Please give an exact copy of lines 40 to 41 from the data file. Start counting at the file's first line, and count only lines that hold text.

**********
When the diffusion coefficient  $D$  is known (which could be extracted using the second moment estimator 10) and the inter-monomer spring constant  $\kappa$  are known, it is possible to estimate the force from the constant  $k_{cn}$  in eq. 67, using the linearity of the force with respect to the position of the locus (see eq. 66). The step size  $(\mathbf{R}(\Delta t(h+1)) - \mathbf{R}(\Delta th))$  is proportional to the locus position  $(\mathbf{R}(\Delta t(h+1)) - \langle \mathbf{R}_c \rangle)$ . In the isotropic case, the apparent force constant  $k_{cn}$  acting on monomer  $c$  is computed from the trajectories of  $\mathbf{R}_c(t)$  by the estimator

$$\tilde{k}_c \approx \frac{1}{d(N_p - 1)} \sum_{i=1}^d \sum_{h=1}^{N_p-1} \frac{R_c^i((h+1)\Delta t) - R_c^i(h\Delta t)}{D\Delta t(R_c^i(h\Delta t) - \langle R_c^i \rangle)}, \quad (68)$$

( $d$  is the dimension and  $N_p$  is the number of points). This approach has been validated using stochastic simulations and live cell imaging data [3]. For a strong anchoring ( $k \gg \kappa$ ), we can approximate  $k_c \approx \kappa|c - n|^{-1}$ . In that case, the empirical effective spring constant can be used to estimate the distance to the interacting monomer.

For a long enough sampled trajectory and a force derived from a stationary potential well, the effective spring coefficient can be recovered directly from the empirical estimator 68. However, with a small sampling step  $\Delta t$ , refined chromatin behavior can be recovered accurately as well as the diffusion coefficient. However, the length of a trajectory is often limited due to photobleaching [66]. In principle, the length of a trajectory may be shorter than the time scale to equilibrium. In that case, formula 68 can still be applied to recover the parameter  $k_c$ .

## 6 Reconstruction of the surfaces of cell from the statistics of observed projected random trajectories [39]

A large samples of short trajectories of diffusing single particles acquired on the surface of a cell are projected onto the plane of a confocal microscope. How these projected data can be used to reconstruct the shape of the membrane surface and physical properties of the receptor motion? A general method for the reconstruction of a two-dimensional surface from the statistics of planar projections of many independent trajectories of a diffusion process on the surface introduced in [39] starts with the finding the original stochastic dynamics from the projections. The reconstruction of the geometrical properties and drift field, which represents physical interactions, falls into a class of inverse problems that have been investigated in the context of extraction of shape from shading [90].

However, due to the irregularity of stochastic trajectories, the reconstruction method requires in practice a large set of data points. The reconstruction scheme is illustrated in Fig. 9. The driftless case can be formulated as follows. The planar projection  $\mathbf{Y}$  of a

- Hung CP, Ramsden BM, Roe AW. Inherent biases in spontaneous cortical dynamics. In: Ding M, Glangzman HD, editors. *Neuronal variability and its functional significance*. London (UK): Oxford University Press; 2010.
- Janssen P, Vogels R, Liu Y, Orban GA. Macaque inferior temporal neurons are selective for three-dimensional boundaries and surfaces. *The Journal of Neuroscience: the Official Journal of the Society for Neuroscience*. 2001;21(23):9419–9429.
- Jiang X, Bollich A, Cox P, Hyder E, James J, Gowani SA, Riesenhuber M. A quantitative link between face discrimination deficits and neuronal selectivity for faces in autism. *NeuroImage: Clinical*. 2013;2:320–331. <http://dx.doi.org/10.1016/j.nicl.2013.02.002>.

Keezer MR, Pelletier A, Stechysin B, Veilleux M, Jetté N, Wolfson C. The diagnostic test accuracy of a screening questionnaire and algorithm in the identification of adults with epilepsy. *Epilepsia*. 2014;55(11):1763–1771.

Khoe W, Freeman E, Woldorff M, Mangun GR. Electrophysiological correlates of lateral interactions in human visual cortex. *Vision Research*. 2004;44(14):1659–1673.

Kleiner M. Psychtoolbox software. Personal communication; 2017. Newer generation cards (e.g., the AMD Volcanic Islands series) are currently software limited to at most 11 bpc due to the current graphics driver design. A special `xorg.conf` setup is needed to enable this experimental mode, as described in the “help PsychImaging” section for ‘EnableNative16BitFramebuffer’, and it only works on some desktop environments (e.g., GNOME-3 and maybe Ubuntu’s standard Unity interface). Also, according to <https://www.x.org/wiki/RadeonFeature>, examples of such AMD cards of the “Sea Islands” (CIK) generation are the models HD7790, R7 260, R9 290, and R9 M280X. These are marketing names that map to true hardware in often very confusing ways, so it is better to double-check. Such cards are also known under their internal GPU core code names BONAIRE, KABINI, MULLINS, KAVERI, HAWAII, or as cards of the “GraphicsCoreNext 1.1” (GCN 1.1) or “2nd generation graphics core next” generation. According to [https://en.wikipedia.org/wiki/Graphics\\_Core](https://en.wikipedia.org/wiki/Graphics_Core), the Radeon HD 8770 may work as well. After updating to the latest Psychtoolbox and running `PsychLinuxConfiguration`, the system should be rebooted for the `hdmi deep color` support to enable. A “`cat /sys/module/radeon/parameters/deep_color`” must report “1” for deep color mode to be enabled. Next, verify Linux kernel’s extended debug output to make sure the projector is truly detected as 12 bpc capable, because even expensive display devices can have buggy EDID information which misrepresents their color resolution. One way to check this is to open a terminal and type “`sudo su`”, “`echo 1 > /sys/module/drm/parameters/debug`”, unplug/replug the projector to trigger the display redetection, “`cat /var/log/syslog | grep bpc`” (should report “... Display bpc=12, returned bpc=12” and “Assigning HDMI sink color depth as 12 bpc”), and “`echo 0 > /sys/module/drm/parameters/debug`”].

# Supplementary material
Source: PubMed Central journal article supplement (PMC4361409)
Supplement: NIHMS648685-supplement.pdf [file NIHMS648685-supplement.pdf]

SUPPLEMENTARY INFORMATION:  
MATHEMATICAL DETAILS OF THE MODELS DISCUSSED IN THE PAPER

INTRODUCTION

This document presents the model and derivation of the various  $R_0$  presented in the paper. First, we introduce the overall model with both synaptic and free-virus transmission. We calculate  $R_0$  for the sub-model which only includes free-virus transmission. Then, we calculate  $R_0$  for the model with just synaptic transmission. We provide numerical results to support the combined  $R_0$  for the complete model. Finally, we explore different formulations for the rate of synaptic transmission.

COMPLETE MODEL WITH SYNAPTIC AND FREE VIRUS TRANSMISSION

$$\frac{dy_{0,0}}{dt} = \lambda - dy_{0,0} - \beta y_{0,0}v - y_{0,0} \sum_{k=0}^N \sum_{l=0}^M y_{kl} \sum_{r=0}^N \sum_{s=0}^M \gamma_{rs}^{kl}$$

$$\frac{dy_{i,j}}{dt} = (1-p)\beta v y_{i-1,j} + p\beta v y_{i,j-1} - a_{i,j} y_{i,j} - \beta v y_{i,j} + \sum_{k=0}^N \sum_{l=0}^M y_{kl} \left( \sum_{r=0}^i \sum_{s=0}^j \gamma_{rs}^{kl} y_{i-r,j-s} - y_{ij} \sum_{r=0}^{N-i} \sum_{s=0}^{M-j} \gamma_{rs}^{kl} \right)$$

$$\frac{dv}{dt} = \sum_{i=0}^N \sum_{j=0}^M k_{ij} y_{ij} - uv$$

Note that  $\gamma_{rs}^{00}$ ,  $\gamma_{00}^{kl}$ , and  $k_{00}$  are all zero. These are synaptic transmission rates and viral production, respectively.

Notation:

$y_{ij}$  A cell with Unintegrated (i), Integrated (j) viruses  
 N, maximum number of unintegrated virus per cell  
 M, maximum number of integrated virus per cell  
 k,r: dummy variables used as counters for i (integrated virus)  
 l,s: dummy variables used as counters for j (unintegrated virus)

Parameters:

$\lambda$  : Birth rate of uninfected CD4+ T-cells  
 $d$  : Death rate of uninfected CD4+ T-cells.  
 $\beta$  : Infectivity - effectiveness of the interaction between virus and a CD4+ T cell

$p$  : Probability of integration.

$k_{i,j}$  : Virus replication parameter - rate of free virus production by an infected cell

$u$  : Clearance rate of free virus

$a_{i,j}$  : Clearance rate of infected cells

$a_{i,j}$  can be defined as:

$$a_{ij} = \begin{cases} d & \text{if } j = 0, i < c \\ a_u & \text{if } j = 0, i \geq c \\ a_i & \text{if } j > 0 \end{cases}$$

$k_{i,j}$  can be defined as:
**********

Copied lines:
$a_{i,j}$  can be defined as:

$$a_{ij} = \begin{cases} d & \text{if } j = 0, i < c \\ a_u & \text{if } j = 0, i \geq c \\ a_i & \text{if } j > 0 \end{cases}$$